The oil in Triomega is produced using a proprietary purification process that removes nonessential oils and results in a higher concentration of omega-3s. The process also removes the impurities and contaminants found in fatty fish.

Recognizing that supplement labels confuse consumers, Triomega has designed the label and product packaging to clearly state the content of each softgel, including the percentage of the most important components, EPA and DHA.

"While evidence of an array of health benefits continues to emerge, research has demonstrated the positive effects of omega-3s on the heart, mind, and joints," says Machelle Seibel, MD, medical director at Inverness Medical. "For people with a low consumption rate of fatty fish, taking a daily omega-3 supplement can provide vital benefits to overall health and well-being."

TOCOTRIENOL

Tocotrienol may play a role in protecting the brain from inducible neuronal cell death. The National Institute of Neurological Disorders and Stroke of the National Institutes of Health (Bethesda, MD) recently allocated more than $1 million to investigate the protective properties of tocotrienol after previous research determined that tocotrienol crosses the blood-brain barrier and may help protect neuron cells from damage from stroke or neurodegenerative diseases.

The research will be led by Chandan K. Sen, PhD, director of the laboratory of molecular medicine at Ohio State University Medical Center (Columbus, OH). Tocomin Full Spectrum Tocotrienol Complex from Carotech (Edison, NJ) will be used in the study.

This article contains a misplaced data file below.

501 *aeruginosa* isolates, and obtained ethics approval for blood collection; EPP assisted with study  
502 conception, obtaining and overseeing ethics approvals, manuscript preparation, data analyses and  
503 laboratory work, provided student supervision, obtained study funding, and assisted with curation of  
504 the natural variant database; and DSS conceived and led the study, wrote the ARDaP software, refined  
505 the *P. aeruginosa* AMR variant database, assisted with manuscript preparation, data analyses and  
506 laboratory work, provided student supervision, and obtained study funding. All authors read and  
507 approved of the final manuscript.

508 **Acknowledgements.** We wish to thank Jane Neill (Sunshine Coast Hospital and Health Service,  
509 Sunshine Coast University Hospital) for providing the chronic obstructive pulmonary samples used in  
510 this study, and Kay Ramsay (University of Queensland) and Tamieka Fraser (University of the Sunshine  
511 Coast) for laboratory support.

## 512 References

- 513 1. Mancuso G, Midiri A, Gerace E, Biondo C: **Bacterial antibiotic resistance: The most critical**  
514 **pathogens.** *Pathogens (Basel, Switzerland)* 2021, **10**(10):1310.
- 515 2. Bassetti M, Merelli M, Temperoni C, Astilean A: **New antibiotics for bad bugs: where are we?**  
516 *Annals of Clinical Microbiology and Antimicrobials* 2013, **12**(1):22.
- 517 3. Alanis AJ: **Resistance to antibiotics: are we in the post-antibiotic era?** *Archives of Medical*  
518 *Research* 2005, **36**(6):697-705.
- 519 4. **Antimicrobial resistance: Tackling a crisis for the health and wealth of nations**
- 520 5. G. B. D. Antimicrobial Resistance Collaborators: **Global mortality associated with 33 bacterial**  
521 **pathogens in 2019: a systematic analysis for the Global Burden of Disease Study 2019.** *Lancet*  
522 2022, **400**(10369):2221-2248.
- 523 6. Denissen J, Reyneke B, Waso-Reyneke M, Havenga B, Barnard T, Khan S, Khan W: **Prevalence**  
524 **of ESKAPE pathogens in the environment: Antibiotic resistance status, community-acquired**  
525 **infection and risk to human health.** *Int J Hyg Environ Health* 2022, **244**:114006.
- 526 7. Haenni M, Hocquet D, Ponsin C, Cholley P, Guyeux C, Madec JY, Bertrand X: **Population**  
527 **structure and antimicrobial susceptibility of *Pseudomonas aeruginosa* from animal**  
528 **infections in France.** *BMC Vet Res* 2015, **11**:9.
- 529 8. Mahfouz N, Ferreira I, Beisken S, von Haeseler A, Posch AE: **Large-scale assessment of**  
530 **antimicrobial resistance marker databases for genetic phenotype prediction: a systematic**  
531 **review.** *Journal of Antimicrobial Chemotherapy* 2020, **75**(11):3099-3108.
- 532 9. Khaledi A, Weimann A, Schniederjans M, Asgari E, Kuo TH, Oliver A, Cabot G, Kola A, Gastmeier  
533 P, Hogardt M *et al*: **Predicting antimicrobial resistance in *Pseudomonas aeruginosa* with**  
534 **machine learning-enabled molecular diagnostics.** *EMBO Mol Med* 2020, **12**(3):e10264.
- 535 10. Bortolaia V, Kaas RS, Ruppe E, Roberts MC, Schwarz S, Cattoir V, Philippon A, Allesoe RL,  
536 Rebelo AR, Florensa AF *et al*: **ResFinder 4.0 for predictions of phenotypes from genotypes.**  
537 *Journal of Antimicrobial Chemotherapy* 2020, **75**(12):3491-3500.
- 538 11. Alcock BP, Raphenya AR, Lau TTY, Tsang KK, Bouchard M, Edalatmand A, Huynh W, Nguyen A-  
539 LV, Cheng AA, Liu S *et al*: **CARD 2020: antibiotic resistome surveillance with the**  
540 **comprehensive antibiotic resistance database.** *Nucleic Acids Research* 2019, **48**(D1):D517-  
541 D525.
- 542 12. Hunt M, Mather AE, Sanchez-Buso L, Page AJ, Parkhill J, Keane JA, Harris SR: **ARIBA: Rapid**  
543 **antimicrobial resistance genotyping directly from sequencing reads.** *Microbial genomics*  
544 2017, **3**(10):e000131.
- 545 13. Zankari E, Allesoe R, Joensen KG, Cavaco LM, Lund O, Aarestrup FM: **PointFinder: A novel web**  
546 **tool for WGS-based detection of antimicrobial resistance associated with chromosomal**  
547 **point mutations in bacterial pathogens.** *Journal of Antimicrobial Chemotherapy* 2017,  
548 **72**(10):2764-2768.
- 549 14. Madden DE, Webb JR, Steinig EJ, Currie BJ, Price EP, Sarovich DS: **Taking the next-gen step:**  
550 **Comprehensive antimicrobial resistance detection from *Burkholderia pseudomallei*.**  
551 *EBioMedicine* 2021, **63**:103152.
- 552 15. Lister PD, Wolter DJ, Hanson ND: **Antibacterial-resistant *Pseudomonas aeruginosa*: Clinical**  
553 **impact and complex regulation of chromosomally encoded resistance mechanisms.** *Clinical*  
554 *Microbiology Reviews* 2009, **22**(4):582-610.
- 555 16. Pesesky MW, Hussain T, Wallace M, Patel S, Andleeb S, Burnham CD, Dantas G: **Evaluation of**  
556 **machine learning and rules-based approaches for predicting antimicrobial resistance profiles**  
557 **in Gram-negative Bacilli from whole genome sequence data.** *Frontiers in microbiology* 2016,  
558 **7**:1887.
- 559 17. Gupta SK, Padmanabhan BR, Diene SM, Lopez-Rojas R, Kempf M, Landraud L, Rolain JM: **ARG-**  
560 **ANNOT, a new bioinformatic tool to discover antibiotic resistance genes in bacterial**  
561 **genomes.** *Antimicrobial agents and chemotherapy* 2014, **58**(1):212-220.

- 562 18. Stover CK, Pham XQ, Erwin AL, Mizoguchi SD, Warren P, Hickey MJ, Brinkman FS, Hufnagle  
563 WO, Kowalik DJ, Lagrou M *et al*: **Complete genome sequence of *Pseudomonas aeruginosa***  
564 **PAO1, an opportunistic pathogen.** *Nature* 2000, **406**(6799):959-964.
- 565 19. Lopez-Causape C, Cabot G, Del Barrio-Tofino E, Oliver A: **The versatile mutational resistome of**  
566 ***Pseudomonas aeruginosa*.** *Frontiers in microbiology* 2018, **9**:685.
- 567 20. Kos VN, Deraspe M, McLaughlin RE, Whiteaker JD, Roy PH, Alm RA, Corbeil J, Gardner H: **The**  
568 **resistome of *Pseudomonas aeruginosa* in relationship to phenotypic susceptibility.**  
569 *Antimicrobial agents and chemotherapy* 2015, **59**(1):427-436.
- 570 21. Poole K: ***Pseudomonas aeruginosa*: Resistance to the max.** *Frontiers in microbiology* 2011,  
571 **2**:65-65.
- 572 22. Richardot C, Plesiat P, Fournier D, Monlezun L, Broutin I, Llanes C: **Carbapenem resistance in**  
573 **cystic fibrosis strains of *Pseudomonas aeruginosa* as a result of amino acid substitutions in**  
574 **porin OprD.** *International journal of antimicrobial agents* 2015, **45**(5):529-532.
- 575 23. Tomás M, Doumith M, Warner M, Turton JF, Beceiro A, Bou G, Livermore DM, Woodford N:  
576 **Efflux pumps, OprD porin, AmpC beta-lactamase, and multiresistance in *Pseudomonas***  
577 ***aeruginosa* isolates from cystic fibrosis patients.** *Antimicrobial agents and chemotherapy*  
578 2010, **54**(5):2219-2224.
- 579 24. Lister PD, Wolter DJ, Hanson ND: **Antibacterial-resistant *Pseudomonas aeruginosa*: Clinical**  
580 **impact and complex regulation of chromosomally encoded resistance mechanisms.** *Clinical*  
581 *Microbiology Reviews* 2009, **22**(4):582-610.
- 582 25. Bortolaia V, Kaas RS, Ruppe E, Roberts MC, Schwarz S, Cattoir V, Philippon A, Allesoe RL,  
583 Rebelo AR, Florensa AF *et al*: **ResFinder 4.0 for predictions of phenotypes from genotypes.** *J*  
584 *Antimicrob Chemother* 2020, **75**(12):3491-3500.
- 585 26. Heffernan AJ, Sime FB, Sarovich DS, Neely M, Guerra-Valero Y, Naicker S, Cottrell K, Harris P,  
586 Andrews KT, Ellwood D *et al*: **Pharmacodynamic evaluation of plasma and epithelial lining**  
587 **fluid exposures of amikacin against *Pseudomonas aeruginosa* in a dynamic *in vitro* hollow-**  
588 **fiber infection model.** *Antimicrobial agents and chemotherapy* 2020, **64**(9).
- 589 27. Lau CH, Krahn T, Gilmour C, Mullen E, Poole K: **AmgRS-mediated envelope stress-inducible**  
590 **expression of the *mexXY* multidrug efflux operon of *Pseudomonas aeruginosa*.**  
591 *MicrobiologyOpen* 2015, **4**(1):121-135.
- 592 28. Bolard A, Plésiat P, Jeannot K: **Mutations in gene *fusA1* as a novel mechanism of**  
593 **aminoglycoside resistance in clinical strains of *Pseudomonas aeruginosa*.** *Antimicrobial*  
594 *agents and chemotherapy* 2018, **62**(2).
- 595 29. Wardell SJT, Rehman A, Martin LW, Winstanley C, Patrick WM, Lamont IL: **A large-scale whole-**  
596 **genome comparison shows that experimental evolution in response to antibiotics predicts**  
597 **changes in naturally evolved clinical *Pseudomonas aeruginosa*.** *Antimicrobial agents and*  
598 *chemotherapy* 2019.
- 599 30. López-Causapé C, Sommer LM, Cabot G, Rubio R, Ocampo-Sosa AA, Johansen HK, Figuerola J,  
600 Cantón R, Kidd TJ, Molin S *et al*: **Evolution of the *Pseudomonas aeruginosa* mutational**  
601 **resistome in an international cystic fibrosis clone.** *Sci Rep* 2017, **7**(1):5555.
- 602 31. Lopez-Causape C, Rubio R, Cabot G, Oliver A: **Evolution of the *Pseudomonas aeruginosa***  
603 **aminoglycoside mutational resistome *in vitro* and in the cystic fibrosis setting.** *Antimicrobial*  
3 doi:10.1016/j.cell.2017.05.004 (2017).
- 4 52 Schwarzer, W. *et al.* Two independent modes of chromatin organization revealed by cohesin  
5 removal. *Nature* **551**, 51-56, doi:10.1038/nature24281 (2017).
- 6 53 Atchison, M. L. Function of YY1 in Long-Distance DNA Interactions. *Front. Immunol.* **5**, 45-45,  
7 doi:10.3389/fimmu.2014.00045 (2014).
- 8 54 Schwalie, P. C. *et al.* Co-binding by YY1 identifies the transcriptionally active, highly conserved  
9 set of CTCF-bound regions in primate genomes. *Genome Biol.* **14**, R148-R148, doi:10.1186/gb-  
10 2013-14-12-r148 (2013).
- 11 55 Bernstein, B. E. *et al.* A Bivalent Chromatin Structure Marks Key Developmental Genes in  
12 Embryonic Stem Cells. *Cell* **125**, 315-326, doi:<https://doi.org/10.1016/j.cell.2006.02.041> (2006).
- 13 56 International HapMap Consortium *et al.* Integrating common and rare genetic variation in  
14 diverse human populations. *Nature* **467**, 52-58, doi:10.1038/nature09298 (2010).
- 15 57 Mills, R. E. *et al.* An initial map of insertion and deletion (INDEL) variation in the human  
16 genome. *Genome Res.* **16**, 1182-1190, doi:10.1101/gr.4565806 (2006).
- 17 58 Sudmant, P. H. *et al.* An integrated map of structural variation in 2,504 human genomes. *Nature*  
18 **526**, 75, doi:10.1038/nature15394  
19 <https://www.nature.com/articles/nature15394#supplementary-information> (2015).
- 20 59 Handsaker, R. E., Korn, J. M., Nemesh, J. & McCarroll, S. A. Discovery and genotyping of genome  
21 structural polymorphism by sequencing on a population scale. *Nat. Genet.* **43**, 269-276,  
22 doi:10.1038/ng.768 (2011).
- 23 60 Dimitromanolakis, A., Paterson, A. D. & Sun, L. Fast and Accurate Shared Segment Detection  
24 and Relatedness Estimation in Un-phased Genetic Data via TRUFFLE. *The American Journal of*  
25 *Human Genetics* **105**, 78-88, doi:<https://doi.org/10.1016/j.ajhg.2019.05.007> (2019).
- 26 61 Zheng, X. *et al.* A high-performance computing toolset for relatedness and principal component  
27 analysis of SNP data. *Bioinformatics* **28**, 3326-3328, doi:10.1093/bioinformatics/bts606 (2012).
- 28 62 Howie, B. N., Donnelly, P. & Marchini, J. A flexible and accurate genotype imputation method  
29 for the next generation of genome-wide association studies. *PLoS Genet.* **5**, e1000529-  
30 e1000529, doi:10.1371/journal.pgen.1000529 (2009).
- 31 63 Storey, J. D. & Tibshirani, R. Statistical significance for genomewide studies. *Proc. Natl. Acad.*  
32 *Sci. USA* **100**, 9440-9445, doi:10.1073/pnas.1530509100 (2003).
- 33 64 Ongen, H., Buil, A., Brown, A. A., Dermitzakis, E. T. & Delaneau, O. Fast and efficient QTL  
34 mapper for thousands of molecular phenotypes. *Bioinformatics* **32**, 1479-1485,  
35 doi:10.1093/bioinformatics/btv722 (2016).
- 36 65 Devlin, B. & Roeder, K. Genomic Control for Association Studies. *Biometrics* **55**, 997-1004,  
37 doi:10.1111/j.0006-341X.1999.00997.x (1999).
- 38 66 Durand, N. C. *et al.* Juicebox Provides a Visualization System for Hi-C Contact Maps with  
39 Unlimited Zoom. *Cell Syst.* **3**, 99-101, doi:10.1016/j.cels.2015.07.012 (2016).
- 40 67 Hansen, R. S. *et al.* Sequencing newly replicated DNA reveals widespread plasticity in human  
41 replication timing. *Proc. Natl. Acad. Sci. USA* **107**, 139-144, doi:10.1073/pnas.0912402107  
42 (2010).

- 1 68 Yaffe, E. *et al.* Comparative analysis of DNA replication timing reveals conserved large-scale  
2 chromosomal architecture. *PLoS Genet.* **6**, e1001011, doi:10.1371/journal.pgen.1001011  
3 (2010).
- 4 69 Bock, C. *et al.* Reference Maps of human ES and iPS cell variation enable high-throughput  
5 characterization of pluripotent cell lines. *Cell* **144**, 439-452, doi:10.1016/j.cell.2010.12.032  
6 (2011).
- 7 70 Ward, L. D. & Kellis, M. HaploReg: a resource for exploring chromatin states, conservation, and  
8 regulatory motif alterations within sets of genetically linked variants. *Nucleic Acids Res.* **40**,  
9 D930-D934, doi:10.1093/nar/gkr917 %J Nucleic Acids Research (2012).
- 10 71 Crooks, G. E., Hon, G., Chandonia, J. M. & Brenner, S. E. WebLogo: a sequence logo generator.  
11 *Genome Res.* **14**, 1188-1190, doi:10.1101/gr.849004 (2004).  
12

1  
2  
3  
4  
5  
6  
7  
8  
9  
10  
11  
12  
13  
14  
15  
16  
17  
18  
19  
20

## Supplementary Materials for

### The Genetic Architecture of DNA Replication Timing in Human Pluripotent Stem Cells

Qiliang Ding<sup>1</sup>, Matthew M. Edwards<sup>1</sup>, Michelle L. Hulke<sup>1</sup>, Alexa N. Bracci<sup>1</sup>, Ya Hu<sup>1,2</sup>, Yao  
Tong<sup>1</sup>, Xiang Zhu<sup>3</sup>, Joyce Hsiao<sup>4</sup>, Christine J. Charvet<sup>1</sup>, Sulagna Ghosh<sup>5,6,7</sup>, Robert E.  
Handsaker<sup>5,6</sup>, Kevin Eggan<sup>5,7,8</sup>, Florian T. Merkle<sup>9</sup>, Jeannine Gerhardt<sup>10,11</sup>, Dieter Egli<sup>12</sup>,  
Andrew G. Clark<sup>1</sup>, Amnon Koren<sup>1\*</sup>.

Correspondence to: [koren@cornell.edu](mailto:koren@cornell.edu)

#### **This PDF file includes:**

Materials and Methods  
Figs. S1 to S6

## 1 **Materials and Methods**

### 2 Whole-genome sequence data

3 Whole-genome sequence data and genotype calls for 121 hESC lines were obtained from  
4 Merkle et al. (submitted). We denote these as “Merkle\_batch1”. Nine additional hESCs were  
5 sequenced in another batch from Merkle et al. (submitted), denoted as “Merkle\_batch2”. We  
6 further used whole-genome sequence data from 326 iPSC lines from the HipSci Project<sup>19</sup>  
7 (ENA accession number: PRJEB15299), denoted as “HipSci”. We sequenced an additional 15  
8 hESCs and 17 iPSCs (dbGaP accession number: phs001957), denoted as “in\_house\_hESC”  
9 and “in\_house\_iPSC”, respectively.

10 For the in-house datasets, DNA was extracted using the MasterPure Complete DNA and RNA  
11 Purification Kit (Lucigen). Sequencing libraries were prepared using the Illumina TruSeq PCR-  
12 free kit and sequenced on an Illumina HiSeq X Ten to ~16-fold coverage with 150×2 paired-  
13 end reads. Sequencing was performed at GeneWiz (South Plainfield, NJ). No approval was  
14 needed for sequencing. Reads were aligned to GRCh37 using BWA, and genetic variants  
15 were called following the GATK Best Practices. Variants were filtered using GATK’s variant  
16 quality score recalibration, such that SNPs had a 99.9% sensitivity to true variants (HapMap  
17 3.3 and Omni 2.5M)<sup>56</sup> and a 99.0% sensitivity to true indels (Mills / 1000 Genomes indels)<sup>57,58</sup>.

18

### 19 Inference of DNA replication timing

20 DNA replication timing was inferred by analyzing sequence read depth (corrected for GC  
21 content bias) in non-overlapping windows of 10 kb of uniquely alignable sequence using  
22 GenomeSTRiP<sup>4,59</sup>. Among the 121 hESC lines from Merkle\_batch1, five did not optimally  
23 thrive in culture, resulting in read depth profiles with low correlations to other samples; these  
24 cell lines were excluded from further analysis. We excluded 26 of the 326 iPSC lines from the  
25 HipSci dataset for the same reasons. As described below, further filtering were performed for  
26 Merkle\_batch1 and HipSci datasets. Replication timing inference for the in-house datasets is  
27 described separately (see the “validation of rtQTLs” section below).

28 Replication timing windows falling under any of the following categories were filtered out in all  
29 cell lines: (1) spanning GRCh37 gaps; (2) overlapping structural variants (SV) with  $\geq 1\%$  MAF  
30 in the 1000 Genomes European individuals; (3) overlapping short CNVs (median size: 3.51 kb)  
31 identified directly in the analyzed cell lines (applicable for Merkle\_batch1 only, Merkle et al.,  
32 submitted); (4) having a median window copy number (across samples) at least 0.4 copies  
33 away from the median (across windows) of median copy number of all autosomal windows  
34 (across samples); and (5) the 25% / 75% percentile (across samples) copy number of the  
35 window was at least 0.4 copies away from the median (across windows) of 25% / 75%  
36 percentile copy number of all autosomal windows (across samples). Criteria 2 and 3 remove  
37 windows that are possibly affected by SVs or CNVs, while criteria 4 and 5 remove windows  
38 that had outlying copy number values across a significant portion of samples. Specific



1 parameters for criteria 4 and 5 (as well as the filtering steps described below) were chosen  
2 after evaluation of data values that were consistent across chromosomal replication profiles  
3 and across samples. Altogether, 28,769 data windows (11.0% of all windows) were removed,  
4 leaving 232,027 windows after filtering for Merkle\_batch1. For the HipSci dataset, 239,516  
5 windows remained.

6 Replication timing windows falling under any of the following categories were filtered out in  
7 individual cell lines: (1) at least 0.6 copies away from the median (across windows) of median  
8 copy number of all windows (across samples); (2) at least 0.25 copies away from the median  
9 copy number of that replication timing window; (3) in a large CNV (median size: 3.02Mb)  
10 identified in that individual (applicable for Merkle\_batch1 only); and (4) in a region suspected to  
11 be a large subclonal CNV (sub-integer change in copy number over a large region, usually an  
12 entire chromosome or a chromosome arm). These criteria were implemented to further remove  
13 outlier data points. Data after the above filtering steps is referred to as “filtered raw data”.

Sen led an earlier study that showed nanomolar amounts of alpha-tocotrienol blocked glutamate-induced neuron death. Consistent with observations from HT4 neuron cells, nanomolar levels of tocotrienol significantly protected rat primary fetal cortical neurons.

BIOVINCA

Consumers consider some herbs to be safer than single-entity drugs. Fortunately, the recent string of bad press hasn't damaged the reputation of herbs, according to Gilbert Gluck, founder and CEO of Cyvex Nutrition (Irvine, CA). "We don't think that the negative publicity on supplements is affecting consumption," he says. "The state of the economy may at times affect the supplement industry. Supplements are considered luxury items; hence, consumption is directly dependent on the state of the economy and disposable income."

Cyvex's entry in the mental acuity market is BioVinca, a product based on vincamine, an alkaloid found in periwinkle. "Consumer demand for BioVinca has steadily increased due to demographics, stress, and busy life styles, and greater awareness of issues affecting diminished cognitive function," says Charlene Lee, director of marketing and sales.

"As a true nootropic, the effects of BioVinca are confined to the brain, which is unique, and toxicity is very low," says Gluck. "Research is always continuing on BioVinca and vinpocetine. The November/December 2003 issue of Nutrition, for example, included a study showing vinpocetine produced significantly more improvement than a placebo in performance on global cognitive tests reflecting attention, concentration, and memory."